- An elder who used to be very informed about their money but who suddenly lacks knowledge about their current financial situation
How Can I Prevent Elder Financial Abuse?
Though elder financial abuse is common, there are ways to prevent it. To lower a loved one’s risk of experiencing it:
- Connect with them. Loneliness is a risk factor for elder financial abuse. If a caring network of family and friends isn’t around, people with bad intentions may fill the void. Try to be present more for your loved ones and encourage others you trust to do the same.
- Be vigilant. Keep an eye on anyone who has suddenly come into or reappeared in an elderly person’s life and quickly gotten very close to them.
- Make a plan early on. While your loved one is still able to control their health and finances, gather the family together. Have a conversation about how your loved one wants those things handled if they become unable to control them in the future. This is a good time to have them make or update a will, write an advanced healthcare directive that states what kind of medical care they do or do not want in various situations and declare who they want serving as an agent for their power of attorney. Assigning more than one agent may prevent someone from acting alone in a way that harms your loved one.
- Talk to them about financial abuse. This can be uncomfortable: Your loved one may feel insulted or may resent that you’re giving them advice. Let them know that you’re talking to them about this because you care about them and because you don’t want to see anyone hurt them. Tell them about common scams and breaches of trust that abusers use. Ask them to call you immediately anytime someone asks them for money.
- Properly vet caregivers. Ask for recommendations from friends or from community institutions you trust, like your faith community or senior center. Ask all potential caregivers to submit to a background check and to provide references.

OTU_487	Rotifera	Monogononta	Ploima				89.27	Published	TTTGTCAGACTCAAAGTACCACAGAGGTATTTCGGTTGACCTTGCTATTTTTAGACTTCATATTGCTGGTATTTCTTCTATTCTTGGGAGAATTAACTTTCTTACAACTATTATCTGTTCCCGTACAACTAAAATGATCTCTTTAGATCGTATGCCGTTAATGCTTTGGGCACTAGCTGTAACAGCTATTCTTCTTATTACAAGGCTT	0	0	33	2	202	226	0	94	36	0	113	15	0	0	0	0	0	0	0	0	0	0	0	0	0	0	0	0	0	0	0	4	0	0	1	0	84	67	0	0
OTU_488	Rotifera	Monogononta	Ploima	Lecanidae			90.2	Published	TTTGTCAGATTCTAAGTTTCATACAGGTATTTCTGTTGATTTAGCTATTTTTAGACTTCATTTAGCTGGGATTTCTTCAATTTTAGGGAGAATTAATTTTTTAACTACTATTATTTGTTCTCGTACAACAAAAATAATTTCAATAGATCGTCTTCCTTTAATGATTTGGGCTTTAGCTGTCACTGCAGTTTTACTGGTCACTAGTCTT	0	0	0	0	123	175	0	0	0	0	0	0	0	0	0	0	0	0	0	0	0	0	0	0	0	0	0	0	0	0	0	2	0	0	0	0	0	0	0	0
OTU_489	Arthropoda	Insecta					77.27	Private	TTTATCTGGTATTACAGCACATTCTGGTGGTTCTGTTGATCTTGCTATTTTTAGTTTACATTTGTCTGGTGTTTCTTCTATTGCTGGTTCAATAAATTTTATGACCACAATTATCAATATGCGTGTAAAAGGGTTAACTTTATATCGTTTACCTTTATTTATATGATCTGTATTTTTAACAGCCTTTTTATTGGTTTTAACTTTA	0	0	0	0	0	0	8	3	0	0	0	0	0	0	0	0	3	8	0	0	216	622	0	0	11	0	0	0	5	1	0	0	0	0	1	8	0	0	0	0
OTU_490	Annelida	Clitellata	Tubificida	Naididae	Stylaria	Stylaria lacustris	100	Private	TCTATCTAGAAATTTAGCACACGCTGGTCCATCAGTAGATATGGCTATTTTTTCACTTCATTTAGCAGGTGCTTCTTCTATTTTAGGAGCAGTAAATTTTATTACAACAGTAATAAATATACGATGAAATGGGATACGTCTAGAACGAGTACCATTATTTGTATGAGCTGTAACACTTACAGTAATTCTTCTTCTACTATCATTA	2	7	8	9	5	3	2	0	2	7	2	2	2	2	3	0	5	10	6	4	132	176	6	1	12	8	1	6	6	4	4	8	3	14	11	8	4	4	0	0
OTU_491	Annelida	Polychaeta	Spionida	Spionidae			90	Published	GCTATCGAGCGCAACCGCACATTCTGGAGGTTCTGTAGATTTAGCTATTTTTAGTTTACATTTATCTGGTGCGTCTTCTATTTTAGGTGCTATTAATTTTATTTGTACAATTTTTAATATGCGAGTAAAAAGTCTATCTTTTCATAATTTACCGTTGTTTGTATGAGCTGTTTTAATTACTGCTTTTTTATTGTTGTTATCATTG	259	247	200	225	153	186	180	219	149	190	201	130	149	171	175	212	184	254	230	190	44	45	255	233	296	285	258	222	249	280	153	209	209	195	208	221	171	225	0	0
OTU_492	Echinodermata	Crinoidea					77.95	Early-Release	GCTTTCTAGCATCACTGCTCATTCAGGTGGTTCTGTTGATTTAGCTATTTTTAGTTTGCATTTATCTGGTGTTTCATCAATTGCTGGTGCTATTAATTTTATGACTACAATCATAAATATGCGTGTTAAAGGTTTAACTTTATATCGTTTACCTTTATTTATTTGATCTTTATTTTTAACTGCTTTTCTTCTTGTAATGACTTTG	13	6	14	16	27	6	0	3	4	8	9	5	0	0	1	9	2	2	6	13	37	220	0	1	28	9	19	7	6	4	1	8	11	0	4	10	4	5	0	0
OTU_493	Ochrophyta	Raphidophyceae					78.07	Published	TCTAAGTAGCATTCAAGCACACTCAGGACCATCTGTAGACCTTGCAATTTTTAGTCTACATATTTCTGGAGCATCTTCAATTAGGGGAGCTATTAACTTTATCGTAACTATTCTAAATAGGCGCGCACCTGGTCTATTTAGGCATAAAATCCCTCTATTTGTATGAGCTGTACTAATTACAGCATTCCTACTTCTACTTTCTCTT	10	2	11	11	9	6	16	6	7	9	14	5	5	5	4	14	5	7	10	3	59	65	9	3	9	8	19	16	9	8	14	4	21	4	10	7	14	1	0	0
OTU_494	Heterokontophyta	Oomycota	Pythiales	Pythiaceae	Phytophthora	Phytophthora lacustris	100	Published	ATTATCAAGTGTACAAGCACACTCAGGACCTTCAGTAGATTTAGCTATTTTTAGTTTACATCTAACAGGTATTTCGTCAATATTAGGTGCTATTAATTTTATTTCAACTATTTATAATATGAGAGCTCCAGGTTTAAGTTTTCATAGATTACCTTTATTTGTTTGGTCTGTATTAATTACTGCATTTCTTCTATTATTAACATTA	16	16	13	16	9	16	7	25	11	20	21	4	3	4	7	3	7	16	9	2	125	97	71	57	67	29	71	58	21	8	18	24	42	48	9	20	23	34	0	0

- Get outside financial help. Encourage your loved one to find and be in regular communication with a trusted financial adviser from outside of their circle of family and friends. This makes it less likely they’ll be taken advantage of. NOTE: In May 2018, the president signed the Senior Safe Act into law. This legislation allows financial advisers to go to the authorities if they suspect a client is being financially abused, without putting the financial adviser at risk of being sued for a violation of privacy.
How Do I Report Elder Financial Abuse?
Though exploitation of the elderly is common, elder financial abuse reporting is not. According to the National Council on Aging, out of the potential 5 million elders abused each year, only 1 in 14 cases of abuse are reported to authorities.
If you have a bad feeling about the way an elderly person is being treated, or you know they’re being taken advantage of – don’t brush it off.
If you feel comfortable talking to the person you suspect of abuse, do so. But it may be best to bring in outside parties to deal with the problem. Call the police or visit the National Center on Elder Abuse for a list of state-specific agencies that can help you.
Knowing how to spot, prevent and report elder financial exploitation can help you ensure that instead of cruelty and deception, your loves ones get the respect and kindness they deserve in old age.